Rioja is the smallest of Spain's 17 communities, well-known for its wine production. The Rioja technology centre, which was completed in June 2007, is situated by the Iregua River on the outskirts of Logroño, the capital of the Rioja region.
The building was designed by London-based Foreign Office Architects, with the regional government of La Rioja as the client. Salvador Segura Juni (J/T Ardevol) and Ignacio Choliz Herrera are acting as cost consultants and buildability advisers. Commissioner's head of architecture is Jesus Alfaro Lafuente, landscape designer is Barcelona-based Teresa Gali Izard.
Structural engineer for the project was BOMA, and services engineer Barcelona-based Grupo JG did the mechanical engineering. The 60,000m² site, which is about 371m above sea level, is used by the government of La Rioja as a tree farm and an animal hospital for endangered species.
The area will become integrated into a metropolitan park system, with a park to the south, and a retail development towards the west, close to the Zaragoza Avenue, a major motorway on the northern outskirts.
There is a commercial centre, housing development and water purifying plant to the north and south.
The project is localised around fields near the river Somero, a few metres away from the Ebro's river delta. Traditionally, this area has suffered floods, but the site is being developed in the area further away from the river, freeing up the rest of the fields for agricultural purposes and natural conservation.
The centre is a base for three institutions; a National Educational Centre for training people in the worldwide web-related industries, a centre for technology transfer, and an incubator offering services in the industry. The site can be accessed via the Zaragoza Avenue, the main traffic artery, and the west where urbanisation will be increasing over the next two years. Pedestrians can also access the site from the river via the Iregua River Park which is now open to the public.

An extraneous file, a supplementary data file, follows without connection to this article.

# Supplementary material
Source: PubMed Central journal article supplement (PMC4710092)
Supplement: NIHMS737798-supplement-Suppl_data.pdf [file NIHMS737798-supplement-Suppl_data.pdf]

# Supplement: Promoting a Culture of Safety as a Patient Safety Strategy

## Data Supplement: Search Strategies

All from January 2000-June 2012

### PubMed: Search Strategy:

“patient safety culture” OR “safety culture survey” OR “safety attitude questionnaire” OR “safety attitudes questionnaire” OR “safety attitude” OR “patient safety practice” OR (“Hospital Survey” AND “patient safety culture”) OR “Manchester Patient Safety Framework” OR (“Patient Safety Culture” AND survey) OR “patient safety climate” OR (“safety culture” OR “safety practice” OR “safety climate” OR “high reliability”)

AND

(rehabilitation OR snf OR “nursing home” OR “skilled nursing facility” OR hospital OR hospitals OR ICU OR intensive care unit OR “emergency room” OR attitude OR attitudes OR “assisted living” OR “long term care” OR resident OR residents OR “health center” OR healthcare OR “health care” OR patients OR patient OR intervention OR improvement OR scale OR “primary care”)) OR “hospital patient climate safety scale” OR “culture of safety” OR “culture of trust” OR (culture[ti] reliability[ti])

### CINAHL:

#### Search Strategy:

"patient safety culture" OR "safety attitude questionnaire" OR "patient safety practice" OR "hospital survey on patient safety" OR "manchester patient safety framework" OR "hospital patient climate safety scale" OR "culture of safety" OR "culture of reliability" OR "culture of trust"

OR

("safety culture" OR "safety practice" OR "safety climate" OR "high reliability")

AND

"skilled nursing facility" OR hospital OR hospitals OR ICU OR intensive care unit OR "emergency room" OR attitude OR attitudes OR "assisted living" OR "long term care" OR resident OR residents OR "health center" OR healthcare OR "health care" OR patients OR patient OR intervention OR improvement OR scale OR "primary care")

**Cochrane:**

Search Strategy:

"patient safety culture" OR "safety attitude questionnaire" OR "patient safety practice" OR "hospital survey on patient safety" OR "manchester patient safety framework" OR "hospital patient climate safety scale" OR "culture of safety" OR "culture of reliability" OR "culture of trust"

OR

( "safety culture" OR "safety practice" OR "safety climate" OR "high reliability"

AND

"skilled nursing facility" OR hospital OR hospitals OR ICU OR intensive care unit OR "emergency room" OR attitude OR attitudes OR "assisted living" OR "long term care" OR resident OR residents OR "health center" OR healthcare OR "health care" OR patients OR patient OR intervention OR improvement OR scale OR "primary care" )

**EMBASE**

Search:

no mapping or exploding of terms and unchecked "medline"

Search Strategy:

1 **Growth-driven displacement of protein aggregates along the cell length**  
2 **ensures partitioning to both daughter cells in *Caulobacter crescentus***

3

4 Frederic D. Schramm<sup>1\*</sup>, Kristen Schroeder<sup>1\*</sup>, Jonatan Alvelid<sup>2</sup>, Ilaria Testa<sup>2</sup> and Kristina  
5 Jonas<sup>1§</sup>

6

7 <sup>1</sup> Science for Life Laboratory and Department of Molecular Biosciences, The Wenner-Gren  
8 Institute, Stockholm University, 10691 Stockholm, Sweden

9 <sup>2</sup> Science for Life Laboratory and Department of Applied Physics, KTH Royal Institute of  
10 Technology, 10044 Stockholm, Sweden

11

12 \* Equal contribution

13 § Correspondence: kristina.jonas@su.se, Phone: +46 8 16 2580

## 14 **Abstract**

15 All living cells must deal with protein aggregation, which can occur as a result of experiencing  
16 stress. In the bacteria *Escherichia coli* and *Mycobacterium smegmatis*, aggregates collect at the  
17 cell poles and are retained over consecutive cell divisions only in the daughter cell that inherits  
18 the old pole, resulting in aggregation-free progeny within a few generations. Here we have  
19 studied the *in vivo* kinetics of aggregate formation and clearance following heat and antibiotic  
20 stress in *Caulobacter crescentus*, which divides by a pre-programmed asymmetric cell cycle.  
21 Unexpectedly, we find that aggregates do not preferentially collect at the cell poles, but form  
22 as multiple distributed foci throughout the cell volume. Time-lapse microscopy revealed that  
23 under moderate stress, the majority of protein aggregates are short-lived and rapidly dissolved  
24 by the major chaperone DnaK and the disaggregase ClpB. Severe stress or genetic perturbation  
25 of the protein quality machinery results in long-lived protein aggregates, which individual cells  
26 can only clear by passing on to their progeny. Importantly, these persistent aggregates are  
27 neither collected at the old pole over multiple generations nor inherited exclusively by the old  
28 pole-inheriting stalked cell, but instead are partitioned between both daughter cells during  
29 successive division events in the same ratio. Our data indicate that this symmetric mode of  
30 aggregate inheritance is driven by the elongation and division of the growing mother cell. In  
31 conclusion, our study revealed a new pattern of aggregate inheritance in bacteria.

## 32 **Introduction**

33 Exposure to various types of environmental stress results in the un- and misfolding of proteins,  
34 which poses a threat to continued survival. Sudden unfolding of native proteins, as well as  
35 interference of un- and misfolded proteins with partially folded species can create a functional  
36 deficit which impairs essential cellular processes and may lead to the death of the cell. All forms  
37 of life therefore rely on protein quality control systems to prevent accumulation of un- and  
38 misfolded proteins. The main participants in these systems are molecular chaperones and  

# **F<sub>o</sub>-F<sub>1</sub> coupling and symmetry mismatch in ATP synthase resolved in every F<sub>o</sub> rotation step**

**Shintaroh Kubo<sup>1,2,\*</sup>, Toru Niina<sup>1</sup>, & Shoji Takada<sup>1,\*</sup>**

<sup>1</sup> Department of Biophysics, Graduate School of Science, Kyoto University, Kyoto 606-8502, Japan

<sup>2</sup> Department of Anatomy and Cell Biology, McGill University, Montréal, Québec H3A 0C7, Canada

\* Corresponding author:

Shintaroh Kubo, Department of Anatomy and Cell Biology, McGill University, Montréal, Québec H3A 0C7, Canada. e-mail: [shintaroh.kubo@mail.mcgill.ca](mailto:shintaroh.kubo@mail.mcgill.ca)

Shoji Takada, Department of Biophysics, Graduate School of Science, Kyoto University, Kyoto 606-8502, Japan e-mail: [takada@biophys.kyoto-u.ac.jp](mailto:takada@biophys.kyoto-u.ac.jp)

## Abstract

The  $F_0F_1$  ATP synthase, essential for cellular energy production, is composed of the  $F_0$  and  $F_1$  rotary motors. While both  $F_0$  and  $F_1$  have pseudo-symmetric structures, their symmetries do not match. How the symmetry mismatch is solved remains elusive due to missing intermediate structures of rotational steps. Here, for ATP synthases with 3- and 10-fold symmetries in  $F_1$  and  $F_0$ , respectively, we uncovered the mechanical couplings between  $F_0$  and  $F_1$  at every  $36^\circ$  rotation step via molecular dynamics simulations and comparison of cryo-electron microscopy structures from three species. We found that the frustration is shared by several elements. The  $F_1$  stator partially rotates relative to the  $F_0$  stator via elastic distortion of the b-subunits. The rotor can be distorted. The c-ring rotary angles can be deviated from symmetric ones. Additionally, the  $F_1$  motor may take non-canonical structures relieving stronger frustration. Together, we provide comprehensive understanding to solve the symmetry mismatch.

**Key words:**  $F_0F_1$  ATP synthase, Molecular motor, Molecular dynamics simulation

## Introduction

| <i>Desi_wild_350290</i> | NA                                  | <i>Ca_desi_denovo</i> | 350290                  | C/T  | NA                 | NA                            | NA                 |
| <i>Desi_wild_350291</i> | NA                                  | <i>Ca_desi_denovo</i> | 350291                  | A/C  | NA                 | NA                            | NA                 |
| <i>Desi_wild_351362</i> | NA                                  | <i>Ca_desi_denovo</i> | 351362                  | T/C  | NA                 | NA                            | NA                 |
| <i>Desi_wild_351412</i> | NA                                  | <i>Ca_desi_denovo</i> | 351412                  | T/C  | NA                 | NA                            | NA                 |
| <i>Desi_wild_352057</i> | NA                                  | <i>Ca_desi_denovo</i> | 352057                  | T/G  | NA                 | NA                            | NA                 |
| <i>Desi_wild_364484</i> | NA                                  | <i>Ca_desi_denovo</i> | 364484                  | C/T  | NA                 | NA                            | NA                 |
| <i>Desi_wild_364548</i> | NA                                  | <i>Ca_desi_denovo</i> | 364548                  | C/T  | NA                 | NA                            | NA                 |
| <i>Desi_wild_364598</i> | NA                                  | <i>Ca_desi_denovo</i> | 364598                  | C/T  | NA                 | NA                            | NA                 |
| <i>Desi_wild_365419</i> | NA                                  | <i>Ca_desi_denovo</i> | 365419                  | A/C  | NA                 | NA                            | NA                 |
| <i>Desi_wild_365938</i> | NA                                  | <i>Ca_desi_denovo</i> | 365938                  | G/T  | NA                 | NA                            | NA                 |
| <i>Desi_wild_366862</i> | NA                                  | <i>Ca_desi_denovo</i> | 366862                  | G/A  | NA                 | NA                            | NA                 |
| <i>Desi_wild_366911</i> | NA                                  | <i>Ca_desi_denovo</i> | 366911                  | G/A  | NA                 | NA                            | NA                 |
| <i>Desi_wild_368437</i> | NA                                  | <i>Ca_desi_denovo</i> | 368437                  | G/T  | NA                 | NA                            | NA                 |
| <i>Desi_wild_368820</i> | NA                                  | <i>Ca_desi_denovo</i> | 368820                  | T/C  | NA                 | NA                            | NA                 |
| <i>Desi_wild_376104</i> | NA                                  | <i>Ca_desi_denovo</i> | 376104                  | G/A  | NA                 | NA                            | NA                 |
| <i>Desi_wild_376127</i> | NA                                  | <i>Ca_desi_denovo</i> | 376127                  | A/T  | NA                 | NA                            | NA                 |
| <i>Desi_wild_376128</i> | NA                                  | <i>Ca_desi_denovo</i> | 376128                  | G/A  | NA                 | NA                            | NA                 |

A narrow, steeply-sloping road lined with elm trees, the Camino de los Lirios, joins at Zaragoza Avenue, at 380m, with the site at 371m. The roof of the building is level with the embankment, concealing the lower one or two floors from its surroundings. The structure is split into five blocks and based on a longitudinal plan. The facades do not join in every section giving the building a special character and blending perfectly with the surroundings.
The foundations are constructed from a mixture of metals. The basement underneath the building is used as a parking area, with room for 80 cars. The columns have the same dimensions, and four different typologies, but the overall result is that they appear identical and uniform in appearance.
The roof joins the embankment at two points, creating a walkway for the public. The lowest floor is raised above flood level. Access will be open during the day via two lifting bridges, but blocked at night. A green pergola, or covered walk, extends out to protect the façade from direct sun exposure.
Climbing plants have been entwined around a series of cables round the building that stretch from the balustrades to a circular section fixed just above the ground. Within two years the plants will form a leafy canopy in a crosshatch pattern. The designers had to allow for the geometry of the cable structure changing every 1.2m which had to support the plants without adding stresses to the building. The façade of the building is made from steel and glass, with timber for the pavements
and drywall as partitions.
The two-storey bundled structure, which is placed on a north-south axis, encloses the inner part of the site facing the Camino de Los. The building branches out sideways towards the River Park. There are terraces on the western face that overlook the elm garden and open-air ramps slope gently down towards the trees, providing continuities between the architecture and the landscape. A cantilever on the East façade protects the fully-glazed façade from the sun.
The main classrooms and offices are organised along a corridor, which is linked to the main public spaces. The rooms are open to the gardens on one side, and the river landscape and the tree farms on the other side.
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